Fundraising, NGOs, and Celebrities
Going forward NGOs will have to look for creators along with good looking celebrities
During this never-ending lockdown, I have re-discovered Instagram and Vir Das has completely redefined content on digital platforms. I started following him on Instagram after watching his last Netflix comedy special.
This was the time when India was approaching the lockdown and getting used to staying indoors. Vir was early on to connect with his fans by going live as India started spending more time indoors. From doing live comedy shows to singing songs to joining TikTok to ranting his lockdown stories - Vir has milked the lockdown like no one.
He recently posted this on Instagram.
This man performed live from his living room to support 12 charities. Isn’t that novel for a creator to not only keep his fans happy but also support a cause?
And some more #VirDasAtHome shows are going to be announced soon for audiences across the world. Also what a sweet timing to release Hasmukh by Netflix.
Sona Mohapatra, the rusty singer performed live for her fans on Facebook. The one-hour musical show was done with the intention to raise funds for the ongoing COVID-19 crisis. In association with the Akshaya Patra Foundation, Sona asked her fans to donate for meals. She even wrote on her Facebook - “Top 50 contributors will receive a personalised message & song video mailed to you or anyone you want to wish with me singing especially for you!”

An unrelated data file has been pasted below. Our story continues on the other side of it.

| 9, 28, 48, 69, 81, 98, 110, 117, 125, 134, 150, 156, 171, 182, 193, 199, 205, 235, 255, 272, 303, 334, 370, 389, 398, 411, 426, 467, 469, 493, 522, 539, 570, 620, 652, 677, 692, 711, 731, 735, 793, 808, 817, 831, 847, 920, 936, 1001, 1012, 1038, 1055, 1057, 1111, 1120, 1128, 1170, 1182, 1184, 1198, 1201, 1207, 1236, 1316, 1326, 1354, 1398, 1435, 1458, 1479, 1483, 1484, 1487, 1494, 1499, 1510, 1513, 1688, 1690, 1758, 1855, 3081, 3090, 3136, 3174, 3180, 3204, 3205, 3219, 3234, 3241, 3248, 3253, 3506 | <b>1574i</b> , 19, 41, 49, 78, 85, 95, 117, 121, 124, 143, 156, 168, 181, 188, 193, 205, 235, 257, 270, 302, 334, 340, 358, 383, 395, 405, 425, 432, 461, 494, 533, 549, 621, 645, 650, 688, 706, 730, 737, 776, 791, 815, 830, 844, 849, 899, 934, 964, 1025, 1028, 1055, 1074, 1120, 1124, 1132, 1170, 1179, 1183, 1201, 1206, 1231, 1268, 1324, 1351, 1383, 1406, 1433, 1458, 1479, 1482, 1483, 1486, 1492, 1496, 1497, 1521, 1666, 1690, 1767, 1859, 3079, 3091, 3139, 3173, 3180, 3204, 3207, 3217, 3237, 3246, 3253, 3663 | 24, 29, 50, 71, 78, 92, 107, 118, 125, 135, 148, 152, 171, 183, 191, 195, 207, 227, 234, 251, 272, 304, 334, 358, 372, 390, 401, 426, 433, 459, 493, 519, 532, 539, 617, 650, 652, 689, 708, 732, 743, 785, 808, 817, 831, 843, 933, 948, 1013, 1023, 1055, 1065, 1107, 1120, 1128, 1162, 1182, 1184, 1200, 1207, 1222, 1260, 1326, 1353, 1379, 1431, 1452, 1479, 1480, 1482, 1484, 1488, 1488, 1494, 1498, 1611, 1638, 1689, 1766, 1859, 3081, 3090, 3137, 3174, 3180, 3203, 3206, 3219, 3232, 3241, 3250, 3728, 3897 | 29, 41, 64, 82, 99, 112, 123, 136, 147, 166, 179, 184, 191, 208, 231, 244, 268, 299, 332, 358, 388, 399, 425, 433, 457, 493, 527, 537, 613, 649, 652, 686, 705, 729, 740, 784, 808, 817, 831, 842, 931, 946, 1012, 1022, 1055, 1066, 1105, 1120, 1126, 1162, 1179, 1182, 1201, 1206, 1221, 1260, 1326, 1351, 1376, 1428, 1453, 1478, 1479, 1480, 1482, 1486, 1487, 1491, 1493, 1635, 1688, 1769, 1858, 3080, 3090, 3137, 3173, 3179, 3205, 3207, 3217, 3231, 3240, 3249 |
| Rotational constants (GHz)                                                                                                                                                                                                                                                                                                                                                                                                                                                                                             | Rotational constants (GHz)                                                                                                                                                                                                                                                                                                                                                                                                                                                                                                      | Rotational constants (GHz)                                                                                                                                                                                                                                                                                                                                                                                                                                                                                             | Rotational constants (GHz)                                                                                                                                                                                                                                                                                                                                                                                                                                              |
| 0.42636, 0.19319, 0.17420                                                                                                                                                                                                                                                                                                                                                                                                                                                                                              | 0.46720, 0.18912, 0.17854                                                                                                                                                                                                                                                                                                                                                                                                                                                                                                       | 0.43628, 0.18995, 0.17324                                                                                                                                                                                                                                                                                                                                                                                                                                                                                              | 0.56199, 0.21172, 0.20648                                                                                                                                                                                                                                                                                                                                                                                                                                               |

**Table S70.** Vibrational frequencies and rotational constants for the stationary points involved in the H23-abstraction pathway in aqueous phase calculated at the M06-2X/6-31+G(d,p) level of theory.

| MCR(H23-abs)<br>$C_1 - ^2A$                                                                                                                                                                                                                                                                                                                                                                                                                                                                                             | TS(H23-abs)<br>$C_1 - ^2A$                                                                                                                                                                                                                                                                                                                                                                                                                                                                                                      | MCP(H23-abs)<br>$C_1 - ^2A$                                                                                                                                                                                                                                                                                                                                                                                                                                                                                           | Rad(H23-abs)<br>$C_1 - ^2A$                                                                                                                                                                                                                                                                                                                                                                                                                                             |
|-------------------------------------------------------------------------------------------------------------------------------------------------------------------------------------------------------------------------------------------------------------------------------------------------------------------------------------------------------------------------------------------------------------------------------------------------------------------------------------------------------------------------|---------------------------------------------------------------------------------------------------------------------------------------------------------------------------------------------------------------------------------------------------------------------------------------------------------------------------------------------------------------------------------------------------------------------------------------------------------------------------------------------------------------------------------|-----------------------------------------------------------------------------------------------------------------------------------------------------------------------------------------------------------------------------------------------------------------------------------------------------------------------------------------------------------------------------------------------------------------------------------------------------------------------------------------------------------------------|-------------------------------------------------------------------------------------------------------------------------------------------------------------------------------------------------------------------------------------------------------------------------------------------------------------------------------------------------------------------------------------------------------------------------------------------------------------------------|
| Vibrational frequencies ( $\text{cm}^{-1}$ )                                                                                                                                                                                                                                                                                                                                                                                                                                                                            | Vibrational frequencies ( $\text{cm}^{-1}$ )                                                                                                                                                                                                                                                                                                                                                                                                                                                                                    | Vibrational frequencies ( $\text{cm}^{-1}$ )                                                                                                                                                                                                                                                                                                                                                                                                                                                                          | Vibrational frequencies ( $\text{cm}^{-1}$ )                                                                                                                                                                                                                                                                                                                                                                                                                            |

She also initiated a fundraising campaign on Facebook. Bollywood celebrity Vidya Balan and Chef Sanjeev Kapoor have also initiated fundraising campaigns on Facebook. Along with these campaigns, these celebrities are creating videos requesting fans to donate money.
Can we be more creative? I have an idea.
How about Sanjeev Kapoor doing a paid workshop on cooking different cuisines. A five day one hour paid workshop and the money raised goes to the COVID-19. It will be an effort for everyone but wouldn’t it bring out the real concern for a cause. Similarly, can Vidya take up an acting class or share her learning’s from her five best movies of her career.
Asking people for money for a cause is basically begging and trying to wake your conscience. Our consciousness is dead and all we ask is “What is there for me?”
Just the other day I was discussing with an experienced lady from an international NGO on the ways and challenges to raise money from online for a cause. “When every NGO out there is showing babies crying, distressed women, unhealthy dogs on social media, and hoping hearts will melt at a time when financial security is a big question. Chances of heart-melting are going to be tough.”
One of my very close friends who stays in Norway was telling me how he has been constantly approached by NGOs to do a noble gesture by donating money during the COVID-19 crisis.
“I am ready to give money but at a time when almost every NGO is trying to raise money. What is the guarantee that the family who needs supplies is getting and also not getting in surplus?
But this post is not about how relief materials are misused. This is about how do you raise funds during such times?
Continue begging and try harder, could be an easy option. It has worked for ages for the simple belief that giving donations makes us feel good and a better human being.
There is another way where we try to fulfill a need in a consumer’s life, take the human in confidence, and then do the chant for donations. NGOs should look at themselves as any other consumer brand.